All actions have consequences, including how we express our ideas and ourselves. Often our expressions have unforeseen or unintended consequences. Yesterday’s attack on the US Consulate in Libya that took the lives of four people is reported to have been a retaliatory response to a YouTube video. The video disrespects Islam by ridiculing Muhammad. I haven’t added my clicks to the view count, and I’m uninterested in commenting on the video itself, but I am interested in the consequences of free speech.
All expressions—especially those that reveal something we find real and true—expose us to some vulnerability. Will the hearers disagree? Will disagreement diminish me in their sight? Will disagreement prompt action, like distancing from me or harming me? Of course, in a presidential election season, we don’t need reminding that some expressions are not true and are designed to expose someone else’s vulnerability. And some expressions are designed to provoke disagreement. Some are designed to manipulate us or to bait us to respond in a way that benefits the speaker, if only to garner notoriety. Perhaps the quip, “There’s no such thing as bad publicity,” turns out to be deadly after all.
Our First Amendment only protects free speech from government interference (or legal action) to the extent that the speech does not cause harm to others. Specifically, speech that threatens others, incites immanent lawless action, states facts falsely, is obscene or sexually exploits children is not protected. Happily for writers, speech owned by others merits no First Amendment protection, either.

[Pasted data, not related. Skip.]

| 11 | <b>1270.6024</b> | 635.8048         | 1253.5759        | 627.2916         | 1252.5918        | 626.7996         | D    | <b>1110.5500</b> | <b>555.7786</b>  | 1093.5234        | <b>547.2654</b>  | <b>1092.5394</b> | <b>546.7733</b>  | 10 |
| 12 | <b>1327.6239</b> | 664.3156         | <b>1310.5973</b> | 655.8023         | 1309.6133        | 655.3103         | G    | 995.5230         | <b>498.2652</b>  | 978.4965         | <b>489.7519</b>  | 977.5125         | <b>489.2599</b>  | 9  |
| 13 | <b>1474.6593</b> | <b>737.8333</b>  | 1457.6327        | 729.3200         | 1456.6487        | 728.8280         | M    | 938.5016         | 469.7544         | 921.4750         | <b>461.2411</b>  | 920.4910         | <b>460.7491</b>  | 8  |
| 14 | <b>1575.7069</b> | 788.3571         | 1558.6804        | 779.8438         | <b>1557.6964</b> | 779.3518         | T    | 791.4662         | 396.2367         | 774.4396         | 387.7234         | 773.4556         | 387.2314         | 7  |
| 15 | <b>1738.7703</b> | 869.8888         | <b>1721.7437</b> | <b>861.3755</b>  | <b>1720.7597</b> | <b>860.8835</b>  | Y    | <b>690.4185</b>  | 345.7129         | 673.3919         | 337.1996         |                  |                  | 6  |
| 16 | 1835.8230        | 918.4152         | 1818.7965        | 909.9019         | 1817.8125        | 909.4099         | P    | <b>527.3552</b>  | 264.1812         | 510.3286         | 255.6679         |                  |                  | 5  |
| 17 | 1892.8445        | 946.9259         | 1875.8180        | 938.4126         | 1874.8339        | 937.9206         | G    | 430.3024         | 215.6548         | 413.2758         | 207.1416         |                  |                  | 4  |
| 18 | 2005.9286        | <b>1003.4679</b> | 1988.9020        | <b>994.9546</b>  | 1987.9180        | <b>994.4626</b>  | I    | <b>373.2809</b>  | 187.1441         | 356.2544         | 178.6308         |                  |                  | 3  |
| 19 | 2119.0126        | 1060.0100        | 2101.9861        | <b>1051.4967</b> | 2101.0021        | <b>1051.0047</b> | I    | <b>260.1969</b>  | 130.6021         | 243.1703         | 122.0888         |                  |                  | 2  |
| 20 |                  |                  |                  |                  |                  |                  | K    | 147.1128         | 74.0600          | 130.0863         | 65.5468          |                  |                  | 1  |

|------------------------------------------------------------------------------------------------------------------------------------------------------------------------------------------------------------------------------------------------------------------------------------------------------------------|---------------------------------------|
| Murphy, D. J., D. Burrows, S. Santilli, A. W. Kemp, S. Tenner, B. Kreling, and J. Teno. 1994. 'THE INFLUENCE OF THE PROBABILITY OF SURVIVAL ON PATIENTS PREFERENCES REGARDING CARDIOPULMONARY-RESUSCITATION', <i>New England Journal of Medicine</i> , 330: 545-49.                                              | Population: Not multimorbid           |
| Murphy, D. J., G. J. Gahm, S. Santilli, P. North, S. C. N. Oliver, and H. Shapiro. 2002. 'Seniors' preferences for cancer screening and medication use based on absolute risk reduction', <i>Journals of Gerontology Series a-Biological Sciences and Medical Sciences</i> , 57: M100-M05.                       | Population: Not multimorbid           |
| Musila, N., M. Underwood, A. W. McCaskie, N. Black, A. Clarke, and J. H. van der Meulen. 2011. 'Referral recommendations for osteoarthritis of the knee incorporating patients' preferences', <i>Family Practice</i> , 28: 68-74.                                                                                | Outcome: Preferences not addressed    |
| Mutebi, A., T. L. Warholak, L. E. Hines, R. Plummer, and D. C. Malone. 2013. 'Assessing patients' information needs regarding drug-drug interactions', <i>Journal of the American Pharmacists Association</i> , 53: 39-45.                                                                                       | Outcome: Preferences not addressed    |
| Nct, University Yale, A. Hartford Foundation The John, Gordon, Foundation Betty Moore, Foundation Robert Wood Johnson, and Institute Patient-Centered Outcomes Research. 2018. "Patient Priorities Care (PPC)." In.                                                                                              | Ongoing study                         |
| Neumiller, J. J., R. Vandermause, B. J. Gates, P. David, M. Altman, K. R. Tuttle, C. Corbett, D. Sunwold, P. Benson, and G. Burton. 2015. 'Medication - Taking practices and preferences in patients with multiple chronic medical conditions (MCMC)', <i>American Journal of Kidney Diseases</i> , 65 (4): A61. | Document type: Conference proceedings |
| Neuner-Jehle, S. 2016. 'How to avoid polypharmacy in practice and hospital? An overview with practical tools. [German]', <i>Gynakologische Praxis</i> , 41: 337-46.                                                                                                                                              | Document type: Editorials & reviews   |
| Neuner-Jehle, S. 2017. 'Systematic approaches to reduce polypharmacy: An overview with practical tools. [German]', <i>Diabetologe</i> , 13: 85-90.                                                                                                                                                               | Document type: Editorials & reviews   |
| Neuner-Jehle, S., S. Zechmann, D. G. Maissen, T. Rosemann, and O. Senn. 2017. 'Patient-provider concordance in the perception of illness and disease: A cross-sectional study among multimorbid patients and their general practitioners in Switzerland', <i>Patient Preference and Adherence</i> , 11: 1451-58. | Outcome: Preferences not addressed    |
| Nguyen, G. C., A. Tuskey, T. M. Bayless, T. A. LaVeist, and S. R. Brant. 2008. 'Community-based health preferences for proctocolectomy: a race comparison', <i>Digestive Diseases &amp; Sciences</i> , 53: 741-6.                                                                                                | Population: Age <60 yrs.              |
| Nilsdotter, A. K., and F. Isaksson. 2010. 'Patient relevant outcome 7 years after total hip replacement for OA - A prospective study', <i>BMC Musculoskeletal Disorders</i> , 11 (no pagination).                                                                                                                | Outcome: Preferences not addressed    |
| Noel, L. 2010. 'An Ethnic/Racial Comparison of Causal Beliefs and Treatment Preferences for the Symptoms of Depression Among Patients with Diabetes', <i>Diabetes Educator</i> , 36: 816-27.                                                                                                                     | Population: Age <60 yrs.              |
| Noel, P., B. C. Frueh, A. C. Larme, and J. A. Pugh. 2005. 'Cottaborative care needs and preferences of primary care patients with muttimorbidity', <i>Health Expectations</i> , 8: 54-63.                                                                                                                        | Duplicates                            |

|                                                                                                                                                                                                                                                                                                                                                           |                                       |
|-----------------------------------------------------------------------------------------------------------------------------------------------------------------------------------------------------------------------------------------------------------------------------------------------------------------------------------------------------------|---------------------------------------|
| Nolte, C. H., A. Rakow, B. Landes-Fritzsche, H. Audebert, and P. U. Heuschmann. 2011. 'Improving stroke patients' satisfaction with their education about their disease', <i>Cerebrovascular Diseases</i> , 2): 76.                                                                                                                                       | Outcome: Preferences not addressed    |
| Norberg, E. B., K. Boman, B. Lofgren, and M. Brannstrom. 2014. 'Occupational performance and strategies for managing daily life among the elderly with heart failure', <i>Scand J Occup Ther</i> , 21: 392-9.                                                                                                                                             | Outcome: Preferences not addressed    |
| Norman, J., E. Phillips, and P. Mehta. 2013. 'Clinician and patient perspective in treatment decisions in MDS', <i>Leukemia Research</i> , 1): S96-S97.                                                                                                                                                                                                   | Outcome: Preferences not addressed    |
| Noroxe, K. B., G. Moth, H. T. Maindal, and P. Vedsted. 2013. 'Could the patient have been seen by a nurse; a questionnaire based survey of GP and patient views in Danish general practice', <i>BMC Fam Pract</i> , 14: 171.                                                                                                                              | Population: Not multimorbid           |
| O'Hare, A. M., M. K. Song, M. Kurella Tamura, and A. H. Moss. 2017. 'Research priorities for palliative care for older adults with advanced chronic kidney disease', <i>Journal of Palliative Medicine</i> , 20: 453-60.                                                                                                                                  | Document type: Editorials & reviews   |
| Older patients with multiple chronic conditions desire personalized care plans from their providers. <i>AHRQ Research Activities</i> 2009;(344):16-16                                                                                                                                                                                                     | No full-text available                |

The diversity of opinion on what qualifies for protection and on appropriate consequences provides the real grist for discussion. Ted Nugent is legally free to make public political statements so long as he doesn’t threaten anybody or incite lawless action, but that does not exempt him from consequences like losing an employment contract. How about the violence that saturates US entertainment—does it not incite more violence? Isn’t it demonstrably harmful to our kids? Tipper Gore made that argument, God love her, and her efforts met resounding defeat and castigation.
Personally, I have a hard time advocating limits on any artistic expression that a creator finds to be real or true, even if I find that expression upsetting or manipulative. Embracing another’s truth and reality can expand our own. On the other hand, I also believe we each carry responsibility for the footprint we leave in the world. It is the people who threw grenades in the Libyan attack who are responsible for the deaths and damage, not the filmmaker. The filmmaker’s contribution was to throw disrespect like a grenade. Expressions that lack respect for others can do no good. They leave only the footprints of destruction and human diminishment.
Join the conversation. Do you think the filmmaker did the equivalent of yelling “fire” in a crowded global theater?
Copyright 2012 Stephanie Walker All rights reserved. Visit http://www.AcrossTraditions.com.